If the oil industry left the natural carbon dioxide where it was, and drew on carbon dioxide from industrial plants instead, far less manmade carbon dioxide would enter the atmosphere, experts say.
What oil drillers pay for carbon dioxide depends on the value of the oil it will help produce. When oil is at $70 a barrel, carbon dioxide goes for $10 or $11 a ton, said Tracy Evans, the chief executive of Denbury, the Texas company building the carbon dioxide pipeline.
Should the Congressional legislation mandate a cap-and-trade system, that modest price could be very important. “Wherever you can go to store a ton of carbon the most cheaply, you will go,” said Mr. Holmstead, the former E.P.A. administrator for air.
Another likely source of pure streams of carbon dioxide are plants that refine natural gas. The natural gas usually comes out of the ground mixed with carbon dioxide, which natural gas sellers routinely remove so the natural gas can be considered “pipeline quality.” That carbon dioxide is sometimes reinjected into the ground, but sometimes vented.
Then there are cement kilns, which produce a nearly pure stream of carbon dioxide.
For now, no one is sure what it will cost to capture and sequester carbon dioxide from coal plants because the first such project in the nation, at American Electric Power’s coal-fired plant in New Haven, W.Va., got under way only last month. At the moment, the process consumes 30 percent of the coal plant’s energy, but engineers are working to cut that in half.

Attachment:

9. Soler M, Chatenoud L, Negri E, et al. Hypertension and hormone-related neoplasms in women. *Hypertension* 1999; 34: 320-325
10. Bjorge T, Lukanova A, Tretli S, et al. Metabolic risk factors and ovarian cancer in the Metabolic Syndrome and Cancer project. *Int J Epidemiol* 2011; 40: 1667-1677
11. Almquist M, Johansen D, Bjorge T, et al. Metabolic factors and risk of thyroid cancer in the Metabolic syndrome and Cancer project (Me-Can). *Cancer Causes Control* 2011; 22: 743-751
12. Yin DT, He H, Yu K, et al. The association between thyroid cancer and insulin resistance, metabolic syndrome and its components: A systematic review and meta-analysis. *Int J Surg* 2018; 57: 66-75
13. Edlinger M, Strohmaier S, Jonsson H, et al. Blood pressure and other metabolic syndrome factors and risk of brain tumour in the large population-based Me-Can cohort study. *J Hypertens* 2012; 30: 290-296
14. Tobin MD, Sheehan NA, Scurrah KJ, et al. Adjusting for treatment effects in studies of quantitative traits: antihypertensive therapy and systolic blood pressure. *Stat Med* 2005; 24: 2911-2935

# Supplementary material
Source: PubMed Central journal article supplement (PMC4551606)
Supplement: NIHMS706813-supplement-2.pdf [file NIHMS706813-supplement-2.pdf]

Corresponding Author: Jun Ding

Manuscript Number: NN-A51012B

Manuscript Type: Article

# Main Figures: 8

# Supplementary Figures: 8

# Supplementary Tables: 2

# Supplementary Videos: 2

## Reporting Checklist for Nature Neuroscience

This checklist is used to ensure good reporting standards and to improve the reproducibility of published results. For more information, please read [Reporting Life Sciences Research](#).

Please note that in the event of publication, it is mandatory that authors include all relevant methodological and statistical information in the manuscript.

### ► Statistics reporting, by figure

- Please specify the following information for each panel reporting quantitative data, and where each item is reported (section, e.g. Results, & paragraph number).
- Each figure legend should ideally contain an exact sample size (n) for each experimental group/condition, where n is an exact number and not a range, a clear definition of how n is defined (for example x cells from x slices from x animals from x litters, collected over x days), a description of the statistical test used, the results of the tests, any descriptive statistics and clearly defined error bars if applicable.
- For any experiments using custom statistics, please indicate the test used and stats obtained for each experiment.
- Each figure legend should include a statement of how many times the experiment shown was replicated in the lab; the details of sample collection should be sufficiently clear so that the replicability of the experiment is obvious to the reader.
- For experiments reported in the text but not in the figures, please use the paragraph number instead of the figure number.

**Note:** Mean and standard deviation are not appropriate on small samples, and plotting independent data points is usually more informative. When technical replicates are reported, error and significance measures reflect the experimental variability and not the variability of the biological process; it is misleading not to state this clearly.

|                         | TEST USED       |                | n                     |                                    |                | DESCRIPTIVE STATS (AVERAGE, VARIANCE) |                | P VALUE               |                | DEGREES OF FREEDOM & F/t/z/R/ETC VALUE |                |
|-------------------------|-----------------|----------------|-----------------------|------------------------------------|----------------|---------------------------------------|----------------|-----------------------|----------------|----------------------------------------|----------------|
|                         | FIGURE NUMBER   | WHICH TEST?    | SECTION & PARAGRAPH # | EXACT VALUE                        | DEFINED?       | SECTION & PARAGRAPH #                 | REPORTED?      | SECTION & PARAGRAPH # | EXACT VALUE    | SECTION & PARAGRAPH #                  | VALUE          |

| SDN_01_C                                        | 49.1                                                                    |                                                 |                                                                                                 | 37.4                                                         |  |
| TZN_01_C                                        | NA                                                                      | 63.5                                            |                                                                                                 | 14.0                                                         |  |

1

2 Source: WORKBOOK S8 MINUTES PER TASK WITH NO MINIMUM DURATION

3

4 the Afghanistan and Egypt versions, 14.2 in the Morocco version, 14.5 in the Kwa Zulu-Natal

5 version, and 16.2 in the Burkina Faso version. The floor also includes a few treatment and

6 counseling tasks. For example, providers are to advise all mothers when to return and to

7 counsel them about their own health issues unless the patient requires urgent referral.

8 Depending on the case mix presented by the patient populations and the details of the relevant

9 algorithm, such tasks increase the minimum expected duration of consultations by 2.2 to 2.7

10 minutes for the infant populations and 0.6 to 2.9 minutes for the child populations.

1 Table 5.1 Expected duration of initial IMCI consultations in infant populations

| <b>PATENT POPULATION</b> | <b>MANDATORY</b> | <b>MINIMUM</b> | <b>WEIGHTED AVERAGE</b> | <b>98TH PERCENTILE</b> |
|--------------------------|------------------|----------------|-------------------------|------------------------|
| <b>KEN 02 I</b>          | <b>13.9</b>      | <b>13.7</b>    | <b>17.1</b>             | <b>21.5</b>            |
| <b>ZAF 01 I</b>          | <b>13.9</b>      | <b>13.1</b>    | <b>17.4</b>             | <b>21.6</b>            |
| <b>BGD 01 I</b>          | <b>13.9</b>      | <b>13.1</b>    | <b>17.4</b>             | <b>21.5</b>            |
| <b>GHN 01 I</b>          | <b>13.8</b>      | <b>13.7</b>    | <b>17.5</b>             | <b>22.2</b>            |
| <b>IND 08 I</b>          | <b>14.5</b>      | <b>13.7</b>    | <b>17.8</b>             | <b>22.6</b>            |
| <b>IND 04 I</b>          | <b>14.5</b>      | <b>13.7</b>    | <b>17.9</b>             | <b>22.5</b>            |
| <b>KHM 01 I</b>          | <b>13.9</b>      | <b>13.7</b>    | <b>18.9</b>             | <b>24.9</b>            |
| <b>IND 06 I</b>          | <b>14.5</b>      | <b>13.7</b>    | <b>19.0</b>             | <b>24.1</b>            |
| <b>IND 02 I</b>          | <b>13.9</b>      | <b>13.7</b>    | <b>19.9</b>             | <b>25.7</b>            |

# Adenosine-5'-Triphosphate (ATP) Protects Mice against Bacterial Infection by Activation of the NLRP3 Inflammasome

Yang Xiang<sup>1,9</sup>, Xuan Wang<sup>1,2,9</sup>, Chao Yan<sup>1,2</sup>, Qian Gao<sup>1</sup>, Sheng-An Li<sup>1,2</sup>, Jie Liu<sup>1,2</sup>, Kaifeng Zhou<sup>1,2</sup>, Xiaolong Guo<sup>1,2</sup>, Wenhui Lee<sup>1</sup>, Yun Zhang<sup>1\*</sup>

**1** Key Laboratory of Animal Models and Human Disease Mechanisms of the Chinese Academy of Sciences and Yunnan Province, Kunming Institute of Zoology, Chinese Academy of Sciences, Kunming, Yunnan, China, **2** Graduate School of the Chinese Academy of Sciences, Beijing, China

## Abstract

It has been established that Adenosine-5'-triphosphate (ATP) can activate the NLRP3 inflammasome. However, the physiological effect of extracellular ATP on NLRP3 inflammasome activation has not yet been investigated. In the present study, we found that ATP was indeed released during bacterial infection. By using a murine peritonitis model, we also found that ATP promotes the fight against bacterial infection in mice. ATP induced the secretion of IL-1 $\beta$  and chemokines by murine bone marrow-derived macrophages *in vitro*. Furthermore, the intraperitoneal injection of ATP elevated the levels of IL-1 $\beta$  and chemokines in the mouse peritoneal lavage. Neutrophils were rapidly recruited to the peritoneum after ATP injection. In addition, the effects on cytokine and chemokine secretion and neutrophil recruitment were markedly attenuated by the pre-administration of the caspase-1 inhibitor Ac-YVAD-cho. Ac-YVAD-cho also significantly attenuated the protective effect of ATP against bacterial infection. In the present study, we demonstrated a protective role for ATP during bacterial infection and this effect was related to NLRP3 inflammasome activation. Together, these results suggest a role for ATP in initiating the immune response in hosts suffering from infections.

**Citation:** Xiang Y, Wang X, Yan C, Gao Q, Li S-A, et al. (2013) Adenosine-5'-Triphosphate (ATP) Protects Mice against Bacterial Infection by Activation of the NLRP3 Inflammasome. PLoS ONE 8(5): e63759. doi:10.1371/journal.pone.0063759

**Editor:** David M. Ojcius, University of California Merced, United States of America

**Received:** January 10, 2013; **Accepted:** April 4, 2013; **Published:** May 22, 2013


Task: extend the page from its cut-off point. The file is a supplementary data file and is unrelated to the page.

Even so, experts expect the price to run to $60 a ton or more. But pure streams could be captured for the cost of drilling a natural gas well and compressing the gas into liquid form — perhaps $10 to $15 a ton, Dr. Friedmann of the Livermore laboratory said.
Bruce Nilles, director of the National Coal Campaign at the Sierra Club, also cites natural gas plants as a promising avenue for carbon capture. Natural gas has only half as much carbon dioxide in it as coal does. So the equipment needed to separate and sequester the carbon dioxide at a gas plant would be half as big as the machinery at a coal plant of the same size, and would cost less to build and operate.
Mr. Nilles and others say that biomass fuels, derived from wood, waste and alcohol, could offer an even better opportunity for carbon capture. If an electric plant burns wood chips or other plant material in place of coal, it produces a stream of smoke from which carbon dioxide can be taken and then injected deep into the earth.
The advantage is that if a tree is cut down and burned in a boiler, a new tree can grow in its place, and absorb carbon dioxide from the atmosphere. That makes the process “carbon negative;” for each ton burned, the amount of carbon dioxide in the atmosphere will decline.
Eventually, Mr. Evans of Denbury said, most of the carbon sequestration will come from the power sector, because it is a far larger emitter than the chemical or refining sectors.
But for the moment, he said, for companies like his, which use carbon dioxide to drill for oil, there is something of a shortage. His company is still drilling for natural deposits of carbon dioxide, he said, and “we don’t have any to sell to others.”